From the November 2004 issue of Entrepreneur

Fed up with the high cost of prescription drugs, a group of 50 employers from the Fortune 500 are banding together to negotiate a better deal with pharmaceutical companies. While any effort that chips away at medication costs wins support among most employers, if one company pays less, another will pay more.

"The classic image is of a water balloon," says , practice leader for compensation and benefit consulting at Grant Thornton LLP, a Chicago accounting and consulting firm. "When you squeeze in one place, the water goes to another part of the balloon."

The plan to buy direct aims to bypass the use of pharmacy benefit management companies (PBMs), intermediaries hired by employers to negotiate discounted drug prices on their behalf. Some companies say this method hides the true cost of pharmaceuticals and makes it hard to determine the level of discount that's negotiated. Drug companies also extend rebates on certain drugs, which increases the PBM's profit while encouraging use of the most expensive medications vs. cheaper alternatives.

Whether this drug-buying club will save money remains to be seen. These clubs seem to boost negotiating power and access to lower prices, says Parmenter, but management fees and the need to spread the savings among members may deliver lower savings. So far, there's little proof that buying clubs do any better than an individual business going it alone. Still, some leverage is better than none. While entrepreneurs will never have the clout of a billion-dollar enterprise, legislative proposals are afoot that hold hope for boosting their bargaining power.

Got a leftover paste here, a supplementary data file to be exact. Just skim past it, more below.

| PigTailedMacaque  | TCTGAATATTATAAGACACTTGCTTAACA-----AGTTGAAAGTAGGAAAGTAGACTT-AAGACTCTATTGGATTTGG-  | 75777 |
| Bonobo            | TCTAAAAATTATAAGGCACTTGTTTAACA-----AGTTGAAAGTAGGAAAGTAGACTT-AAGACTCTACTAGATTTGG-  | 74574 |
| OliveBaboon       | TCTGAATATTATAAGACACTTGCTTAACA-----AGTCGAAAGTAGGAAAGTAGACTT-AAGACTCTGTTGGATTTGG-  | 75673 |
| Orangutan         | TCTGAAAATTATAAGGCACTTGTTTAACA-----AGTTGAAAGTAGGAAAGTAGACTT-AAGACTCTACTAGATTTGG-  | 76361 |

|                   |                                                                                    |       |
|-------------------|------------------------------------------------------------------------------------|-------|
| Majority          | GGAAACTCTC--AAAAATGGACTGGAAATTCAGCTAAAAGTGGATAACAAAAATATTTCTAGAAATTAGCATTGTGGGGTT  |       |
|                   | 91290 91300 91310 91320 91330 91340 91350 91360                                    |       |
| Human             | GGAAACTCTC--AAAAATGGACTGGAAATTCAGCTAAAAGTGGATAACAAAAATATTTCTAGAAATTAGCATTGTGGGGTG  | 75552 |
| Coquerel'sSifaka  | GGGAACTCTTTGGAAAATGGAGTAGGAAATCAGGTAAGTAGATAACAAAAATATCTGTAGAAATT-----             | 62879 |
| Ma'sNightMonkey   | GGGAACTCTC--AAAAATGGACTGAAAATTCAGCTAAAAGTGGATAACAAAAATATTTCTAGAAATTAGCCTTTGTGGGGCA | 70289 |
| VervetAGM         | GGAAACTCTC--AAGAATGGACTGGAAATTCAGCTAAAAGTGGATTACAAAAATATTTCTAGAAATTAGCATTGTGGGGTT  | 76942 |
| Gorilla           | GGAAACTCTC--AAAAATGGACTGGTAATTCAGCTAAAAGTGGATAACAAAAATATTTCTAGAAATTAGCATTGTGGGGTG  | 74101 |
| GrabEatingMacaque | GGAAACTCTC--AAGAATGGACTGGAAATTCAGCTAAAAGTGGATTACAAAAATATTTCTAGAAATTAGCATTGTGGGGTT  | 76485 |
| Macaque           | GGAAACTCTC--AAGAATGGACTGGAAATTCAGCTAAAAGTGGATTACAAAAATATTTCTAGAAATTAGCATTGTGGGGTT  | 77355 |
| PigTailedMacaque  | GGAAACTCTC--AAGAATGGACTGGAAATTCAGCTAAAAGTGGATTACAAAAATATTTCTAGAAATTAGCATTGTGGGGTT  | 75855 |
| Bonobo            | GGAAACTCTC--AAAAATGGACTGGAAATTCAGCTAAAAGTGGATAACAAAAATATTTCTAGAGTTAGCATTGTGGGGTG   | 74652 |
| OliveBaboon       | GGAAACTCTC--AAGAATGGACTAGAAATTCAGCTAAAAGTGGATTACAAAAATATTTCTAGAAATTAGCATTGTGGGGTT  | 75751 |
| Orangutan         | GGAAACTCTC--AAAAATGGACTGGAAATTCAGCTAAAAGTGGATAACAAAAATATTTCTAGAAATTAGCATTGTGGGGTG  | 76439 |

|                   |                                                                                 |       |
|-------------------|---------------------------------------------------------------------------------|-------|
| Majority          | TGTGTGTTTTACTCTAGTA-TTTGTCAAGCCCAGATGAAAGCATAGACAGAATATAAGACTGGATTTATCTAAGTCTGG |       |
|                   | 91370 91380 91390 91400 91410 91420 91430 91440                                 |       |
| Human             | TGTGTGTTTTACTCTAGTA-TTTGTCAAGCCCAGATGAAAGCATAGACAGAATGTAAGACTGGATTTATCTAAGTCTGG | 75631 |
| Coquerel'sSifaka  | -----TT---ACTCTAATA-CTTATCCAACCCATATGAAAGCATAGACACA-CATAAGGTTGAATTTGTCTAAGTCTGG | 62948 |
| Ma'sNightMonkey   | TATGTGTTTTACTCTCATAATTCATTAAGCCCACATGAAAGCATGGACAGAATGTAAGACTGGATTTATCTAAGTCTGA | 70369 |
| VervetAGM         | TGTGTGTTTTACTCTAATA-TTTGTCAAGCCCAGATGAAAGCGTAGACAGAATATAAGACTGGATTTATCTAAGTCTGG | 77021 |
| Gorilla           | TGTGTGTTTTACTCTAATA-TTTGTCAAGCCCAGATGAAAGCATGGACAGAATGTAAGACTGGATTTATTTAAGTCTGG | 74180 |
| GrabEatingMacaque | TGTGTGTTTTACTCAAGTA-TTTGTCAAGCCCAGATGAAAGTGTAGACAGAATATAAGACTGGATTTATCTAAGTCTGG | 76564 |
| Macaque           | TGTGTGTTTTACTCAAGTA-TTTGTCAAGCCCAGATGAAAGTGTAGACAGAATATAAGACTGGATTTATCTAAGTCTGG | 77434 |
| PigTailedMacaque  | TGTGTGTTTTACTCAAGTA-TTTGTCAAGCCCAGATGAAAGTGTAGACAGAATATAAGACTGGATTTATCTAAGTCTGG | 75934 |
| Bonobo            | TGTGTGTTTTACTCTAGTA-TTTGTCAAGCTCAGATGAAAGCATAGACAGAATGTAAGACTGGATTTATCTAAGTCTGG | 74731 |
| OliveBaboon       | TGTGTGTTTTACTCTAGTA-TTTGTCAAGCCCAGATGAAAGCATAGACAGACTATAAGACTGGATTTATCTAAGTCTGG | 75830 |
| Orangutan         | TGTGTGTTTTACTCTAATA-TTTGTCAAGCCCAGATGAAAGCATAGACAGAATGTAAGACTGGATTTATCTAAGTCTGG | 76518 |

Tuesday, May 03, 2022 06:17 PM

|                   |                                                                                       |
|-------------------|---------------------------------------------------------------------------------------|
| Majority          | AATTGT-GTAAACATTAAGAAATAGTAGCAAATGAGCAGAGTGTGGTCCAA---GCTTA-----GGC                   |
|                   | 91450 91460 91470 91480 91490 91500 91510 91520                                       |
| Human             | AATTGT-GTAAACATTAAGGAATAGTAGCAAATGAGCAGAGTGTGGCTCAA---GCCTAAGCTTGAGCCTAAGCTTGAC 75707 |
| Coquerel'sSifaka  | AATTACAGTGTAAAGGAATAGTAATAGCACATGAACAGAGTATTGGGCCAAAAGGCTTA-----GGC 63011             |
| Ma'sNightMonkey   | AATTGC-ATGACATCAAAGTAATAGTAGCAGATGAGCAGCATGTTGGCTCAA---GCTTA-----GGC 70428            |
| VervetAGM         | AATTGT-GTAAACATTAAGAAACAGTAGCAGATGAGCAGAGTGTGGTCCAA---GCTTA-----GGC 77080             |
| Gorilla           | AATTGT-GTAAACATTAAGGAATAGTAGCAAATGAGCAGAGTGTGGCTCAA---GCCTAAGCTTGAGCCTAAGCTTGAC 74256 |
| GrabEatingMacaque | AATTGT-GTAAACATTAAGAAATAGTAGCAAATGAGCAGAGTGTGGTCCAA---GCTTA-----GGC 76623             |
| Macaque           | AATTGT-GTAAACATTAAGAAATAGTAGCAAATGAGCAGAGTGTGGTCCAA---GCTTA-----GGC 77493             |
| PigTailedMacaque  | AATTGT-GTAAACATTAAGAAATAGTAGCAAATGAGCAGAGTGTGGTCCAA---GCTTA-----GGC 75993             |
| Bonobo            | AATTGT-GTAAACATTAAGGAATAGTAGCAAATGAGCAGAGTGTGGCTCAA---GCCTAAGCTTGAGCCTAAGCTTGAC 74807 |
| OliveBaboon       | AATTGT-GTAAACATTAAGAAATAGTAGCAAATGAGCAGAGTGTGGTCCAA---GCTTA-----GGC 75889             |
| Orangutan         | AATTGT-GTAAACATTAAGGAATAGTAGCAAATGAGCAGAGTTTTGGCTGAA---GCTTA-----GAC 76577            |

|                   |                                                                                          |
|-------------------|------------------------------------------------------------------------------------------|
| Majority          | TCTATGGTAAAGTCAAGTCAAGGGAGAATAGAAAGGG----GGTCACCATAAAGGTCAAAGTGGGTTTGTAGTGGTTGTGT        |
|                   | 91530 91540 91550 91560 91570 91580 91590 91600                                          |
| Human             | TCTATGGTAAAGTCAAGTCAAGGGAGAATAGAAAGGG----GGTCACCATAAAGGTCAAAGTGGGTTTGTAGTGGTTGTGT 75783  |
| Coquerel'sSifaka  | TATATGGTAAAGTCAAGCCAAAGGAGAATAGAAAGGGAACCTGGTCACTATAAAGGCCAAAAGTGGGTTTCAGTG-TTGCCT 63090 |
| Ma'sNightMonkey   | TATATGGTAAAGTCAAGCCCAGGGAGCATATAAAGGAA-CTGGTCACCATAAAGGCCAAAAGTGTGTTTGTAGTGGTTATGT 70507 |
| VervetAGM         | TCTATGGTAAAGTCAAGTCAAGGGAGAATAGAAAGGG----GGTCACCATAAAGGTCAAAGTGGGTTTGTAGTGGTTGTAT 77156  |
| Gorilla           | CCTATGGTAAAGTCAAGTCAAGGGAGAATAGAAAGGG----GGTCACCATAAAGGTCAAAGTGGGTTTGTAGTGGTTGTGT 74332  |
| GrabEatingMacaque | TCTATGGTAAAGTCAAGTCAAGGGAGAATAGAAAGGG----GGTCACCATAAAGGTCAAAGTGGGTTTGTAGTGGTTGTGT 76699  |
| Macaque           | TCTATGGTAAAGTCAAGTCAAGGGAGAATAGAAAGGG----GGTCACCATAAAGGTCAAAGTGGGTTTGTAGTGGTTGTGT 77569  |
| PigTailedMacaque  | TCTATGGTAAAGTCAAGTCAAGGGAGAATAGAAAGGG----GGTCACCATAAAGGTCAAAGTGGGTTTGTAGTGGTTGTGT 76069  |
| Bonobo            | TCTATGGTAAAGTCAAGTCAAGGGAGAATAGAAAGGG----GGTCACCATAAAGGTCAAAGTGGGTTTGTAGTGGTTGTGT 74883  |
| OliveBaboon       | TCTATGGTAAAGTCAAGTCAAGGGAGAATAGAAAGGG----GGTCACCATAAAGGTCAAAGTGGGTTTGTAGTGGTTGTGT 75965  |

Businesses can also take action. Steve Millard, executive director of the Council of Smaller Enterprises, the small-business division of the Greater Cleveland Partnership, suggests limiting the types of drugs covered by an employee health plan, requiring co-pays and the use of generics, and encouraging employees to use mail order pharmacies, which offer lower prices than retail. "The thing to remember," says Millard, "is that there's always strength in numbers, and plenty of organizations-from chambers of commerce to professional trade organizations-can help find the best deal."